Britain’s ‘China threat’ theory methods are stuck in the Victorian era

The irony is palpable as the once mighty British Empire, now restless and on edge, fears a small military badge made in China. This badge, a symbol of a new era under King Charles III, has become a source of anxiety. The British military has even delayed its distribution, concerned that these badges might be manufactured in China and embedded with tracking devices.

Reading this report from the Financial Times, one might wonder if the British feel like they are back to the early 20th century when the “Yellow Peril” theory was rampant. However, today, the world is unlikely to be deceived by such absurd political assumptions and understands the need for a more nuanced and updated view of China.

During the era when the “Yellow Peril’ theory was rampant, British literature, news reports, and missionary records often portrayed China as ignorant, inferior, and evil – a target to be suppressed and conquered. Understanding this historical context can shed light on the current perceptions of Chinese-made products.

This narrative that disparages China served as a mirror reflecting the “greatness and dignity” of the British Empire. The renowned scholar of Orientalism, Edward Said, aptly noted, “The Orient has helped to define Europe (or the West) as its contrasting image, idea, personality, experience.” So, what image of Britain is being defined this time through a Chinese-made badge? It’s an old empire fearful of globalization, gradually outdated yet unwilling to catch up. Also, another image is a helpless gentleman, a “petty man” always projecting his sordid mindset onto others.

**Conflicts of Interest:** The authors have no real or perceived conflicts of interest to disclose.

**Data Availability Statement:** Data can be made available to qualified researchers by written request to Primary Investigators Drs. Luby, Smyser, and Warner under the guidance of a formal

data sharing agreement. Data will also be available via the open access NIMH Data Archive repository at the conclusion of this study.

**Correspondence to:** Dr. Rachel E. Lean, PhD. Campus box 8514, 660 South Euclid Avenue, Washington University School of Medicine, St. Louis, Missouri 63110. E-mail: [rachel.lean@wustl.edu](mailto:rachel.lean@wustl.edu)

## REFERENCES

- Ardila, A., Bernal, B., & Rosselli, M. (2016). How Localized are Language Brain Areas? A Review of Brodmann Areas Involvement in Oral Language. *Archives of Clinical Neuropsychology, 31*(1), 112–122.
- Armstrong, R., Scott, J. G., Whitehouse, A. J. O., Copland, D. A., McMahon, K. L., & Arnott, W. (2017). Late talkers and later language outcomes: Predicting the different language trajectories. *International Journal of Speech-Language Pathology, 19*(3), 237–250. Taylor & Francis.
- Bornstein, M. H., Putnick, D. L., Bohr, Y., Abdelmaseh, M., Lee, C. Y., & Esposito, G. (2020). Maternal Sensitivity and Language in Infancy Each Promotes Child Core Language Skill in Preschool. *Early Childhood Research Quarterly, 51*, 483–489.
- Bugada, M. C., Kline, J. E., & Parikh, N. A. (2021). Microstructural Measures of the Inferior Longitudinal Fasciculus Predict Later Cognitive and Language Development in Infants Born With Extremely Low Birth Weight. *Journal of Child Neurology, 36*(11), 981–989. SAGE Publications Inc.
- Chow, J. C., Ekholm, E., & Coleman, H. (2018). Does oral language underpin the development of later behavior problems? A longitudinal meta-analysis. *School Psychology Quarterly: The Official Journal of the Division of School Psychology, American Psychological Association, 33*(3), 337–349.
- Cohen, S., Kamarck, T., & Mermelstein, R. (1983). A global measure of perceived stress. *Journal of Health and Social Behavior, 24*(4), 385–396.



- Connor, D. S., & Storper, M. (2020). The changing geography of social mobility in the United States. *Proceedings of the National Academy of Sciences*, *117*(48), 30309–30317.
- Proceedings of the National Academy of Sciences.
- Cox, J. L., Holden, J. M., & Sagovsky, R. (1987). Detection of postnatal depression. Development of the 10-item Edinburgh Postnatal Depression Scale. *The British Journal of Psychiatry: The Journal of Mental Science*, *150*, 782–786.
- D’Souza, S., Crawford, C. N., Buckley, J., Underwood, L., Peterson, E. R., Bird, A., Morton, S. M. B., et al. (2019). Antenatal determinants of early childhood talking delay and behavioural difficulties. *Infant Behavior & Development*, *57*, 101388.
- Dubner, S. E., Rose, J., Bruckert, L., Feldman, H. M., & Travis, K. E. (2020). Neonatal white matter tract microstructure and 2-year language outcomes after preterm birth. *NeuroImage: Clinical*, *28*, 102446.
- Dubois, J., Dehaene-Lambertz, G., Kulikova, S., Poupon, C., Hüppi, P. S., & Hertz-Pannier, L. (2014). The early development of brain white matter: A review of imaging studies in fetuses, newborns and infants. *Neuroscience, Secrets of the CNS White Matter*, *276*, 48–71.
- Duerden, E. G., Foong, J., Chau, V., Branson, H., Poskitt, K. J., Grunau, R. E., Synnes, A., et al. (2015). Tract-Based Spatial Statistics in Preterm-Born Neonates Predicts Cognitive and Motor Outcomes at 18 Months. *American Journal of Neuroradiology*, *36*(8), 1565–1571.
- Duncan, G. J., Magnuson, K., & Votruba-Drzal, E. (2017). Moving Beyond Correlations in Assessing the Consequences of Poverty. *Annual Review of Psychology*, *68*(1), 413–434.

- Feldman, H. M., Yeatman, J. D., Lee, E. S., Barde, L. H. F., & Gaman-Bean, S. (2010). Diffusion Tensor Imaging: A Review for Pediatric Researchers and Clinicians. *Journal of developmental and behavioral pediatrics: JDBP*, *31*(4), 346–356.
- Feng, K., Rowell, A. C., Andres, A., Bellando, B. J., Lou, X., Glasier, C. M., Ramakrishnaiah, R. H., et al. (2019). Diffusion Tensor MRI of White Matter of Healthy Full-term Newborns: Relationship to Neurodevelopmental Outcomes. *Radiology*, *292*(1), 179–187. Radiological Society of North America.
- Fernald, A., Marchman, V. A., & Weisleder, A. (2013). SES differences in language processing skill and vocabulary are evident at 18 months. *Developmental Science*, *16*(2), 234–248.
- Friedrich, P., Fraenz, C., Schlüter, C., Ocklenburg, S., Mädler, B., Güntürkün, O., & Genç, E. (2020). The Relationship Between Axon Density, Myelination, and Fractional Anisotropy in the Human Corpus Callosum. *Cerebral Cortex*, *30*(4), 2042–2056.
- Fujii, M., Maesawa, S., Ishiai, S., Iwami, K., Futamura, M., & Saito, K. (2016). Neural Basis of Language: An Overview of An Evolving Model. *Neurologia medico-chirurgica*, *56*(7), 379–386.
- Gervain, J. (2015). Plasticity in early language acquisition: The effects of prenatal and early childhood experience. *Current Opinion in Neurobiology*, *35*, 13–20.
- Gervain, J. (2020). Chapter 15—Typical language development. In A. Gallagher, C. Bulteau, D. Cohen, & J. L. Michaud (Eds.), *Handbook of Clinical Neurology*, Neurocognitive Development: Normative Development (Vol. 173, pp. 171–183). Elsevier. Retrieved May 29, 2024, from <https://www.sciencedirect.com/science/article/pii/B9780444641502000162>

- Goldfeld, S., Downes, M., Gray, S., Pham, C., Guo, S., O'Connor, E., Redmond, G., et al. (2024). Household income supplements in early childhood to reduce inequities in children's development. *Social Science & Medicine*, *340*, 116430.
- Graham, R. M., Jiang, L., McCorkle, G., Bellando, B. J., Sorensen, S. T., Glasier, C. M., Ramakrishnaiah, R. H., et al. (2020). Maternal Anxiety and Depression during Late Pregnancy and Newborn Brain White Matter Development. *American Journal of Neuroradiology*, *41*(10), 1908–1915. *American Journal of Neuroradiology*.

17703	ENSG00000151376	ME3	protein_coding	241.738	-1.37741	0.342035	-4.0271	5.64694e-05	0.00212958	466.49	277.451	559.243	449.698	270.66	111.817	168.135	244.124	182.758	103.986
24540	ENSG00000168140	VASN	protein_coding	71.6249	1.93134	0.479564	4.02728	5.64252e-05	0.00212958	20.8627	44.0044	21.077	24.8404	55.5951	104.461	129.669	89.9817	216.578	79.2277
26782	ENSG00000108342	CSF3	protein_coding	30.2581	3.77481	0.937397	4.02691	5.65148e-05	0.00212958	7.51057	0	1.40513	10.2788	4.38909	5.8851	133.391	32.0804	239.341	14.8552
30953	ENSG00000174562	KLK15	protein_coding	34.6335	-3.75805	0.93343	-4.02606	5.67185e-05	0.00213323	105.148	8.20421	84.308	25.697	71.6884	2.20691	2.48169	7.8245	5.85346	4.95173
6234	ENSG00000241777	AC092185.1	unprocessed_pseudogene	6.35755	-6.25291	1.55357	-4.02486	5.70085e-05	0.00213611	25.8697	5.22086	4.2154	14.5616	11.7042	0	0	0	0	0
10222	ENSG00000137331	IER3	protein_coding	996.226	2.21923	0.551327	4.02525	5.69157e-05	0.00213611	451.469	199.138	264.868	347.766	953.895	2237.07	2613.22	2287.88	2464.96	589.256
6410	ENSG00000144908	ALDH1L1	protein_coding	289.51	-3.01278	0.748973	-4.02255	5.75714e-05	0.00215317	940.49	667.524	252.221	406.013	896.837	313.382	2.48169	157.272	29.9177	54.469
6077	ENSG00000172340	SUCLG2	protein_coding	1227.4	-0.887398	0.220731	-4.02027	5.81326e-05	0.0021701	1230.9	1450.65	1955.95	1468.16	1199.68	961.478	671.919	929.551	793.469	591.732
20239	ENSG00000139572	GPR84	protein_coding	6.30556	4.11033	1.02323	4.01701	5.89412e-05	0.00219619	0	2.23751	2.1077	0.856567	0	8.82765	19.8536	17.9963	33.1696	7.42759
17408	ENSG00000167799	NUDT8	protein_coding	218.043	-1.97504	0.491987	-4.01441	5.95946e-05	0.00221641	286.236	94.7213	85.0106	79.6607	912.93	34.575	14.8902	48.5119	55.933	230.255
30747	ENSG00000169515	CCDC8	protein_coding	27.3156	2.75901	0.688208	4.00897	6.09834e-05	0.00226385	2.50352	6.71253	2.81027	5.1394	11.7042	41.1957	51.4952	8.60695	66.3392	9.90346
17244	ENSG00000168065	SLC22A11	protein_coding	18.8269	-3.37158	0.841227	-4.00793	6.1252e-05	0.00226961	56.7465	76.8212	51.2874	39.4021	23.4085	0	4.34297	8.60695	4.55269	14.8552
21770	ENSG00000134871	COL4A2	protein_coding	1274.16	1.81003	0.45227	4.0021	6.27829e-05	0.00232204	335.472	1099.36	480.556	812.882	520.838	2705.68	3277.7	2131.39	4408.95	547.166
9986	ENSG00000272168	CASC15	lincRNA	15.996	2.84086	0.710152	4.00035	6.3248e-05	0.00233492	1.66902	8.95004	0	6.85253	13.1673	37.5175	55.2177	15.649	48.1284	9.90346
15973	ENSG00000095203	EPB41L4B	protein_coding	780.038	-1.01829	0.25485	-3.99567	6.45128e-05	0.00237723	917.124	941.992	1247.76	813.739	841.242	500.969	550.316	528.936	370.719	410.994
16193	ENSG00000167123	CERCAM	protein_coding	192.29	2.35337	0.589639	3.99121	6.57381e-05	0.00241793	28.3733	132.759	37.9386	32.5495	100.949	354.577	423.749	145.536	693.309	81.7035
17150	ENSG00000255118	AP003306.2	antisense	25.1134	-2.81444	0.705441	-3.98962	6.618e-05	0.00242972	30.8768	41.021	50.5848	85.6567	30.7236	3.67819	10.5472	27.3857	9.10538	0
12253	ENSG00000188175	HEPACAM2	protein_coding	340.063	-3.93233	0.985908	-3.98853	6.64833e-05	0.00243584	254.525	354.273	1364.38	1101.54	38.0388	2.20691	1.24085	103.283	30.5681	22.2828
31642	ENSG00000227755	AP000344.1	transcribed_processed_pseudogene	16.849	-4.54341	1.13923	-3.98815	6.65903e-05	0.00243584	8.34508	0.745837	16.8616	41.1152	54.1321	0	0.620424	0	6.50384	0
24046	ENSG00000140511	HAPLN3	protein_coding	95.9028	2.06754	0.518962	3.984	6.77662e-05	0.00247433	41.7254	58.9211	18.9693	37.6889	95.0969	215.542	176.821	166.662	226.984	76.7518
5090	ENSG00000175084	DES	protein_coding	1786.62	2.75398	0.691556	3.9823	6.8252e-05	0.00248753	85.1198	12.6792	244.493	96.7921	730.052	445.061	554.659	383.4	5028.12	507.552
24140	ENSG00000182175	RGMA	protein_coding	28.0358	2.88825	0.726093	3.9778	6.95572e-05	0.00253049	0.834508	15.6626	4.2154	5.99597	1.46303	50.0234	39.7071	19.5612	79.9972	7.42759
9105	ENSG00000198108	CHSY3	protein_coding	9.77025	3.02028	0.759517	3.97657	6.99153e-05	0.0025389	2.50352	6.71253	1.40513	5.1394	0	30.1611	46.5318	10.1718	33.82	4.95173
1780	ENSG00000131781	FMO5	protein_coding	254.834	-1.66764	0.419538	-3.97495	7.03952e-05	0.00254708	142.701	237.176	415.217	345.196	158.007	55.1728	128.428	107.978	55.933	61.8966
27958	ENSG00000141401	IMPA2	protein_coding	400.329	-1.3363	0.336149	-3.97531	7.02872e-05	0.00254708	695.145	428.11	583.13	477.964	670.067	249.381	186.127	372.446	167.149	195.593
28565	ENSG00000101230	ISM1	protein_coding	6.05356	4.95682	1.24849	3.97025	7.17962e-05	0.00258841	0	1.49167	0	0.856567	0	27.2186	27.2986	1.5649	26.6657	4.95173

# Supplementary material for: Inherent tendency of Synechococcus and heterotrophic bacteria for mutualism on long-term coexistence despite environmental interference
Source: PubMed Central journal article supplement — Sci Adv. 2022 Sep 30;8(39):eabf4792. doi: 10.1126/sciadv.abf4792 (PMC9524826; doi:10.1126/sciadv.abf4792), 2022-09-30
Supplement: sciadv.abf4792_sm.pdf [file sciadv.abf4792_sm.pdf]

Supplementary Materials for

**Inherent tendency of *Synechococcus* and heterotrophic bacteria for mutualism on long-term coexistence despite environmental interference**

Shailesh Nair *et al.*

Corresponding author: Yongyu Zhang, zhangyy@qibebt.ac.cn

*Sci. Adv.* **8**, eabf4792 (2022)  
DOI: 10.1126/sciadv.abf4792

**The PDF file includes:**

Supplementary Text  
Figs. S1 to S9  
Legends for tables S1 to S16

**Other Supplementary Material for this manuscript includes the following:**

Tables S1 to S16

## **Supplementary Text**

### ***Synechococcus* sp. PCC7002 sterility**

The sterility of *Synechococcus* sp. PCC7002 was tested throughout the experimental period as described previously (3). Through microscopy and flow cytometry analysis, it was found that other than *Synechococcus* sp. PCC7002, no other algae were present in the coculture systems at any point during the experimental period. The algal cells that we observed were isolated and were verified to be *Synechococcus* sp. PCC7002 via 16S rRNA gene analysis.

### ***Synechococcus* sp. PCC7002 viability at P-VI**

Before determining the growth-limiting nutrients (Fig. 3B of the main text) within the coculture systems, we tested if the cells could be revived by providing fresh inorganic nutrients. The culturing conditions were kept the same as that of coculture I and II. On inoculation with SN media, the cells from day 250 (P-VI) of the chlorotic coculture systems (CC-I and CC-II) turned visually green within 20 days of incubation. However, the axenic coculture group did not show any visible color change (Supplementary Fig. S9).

In the era of our global village, the British have seamlessly integrated “Made in China” products into their daily lives. These products have enriched their lives and ushered in a new, modern era of high-quality, affordable goods for the British public to enjoy.

According to bilateral trade data between China and the UK, the UK imports many products from China, including computers, mobile phones, toys and household appliances. So, could a smartphone imported from China contain a miniature surveillance device? Could a small toy car for children hide a spy camera? And what about those household appliances? Thinking along these lines could indeed make the British nervous and uneasy.

Suppose a serious investigation were conducted. British authorities might need to mobilize the entire nation to dismantle every appliance, piece of furniture, and toy made in China to search for “the Monitor.” Finally, they could decide whether these items could become “strategic weapons” by China to attack the UK.

Enough! It’s important to recognize that some in the UK are amplifying the “China threat” theory for their own political gain. However, their methods are outdated and out of touch.

This is akin to “using a horse and buggy in the age of cars,” meaning to use outdated methods in a modern era. Our genuine concern is what impact it would have on China-Britain relations if those who try to continue using the horse and buggy were to formulate policies on China, a China on a high-speed train toward a new era.

Today’s China is no longer the China of the Victorian era, and the UK is no longer the empire on which the sun never sets. Opening doors and windows and looking at each other with clear eyes is the key to forming a correct understanding and perception and ensuring that one does not fall off the fast-moving train of the times. This reassurance should alleviate any concerns about the “China threat” theory.

In today’s world, the storyline has long been renewed, so shouldn’t the storytellers also change their approach?

The writer is a senior editor with the People’s Daily, and currently a senior fellow with the Chongyang Institute for Financial Studies at the Renmin University of China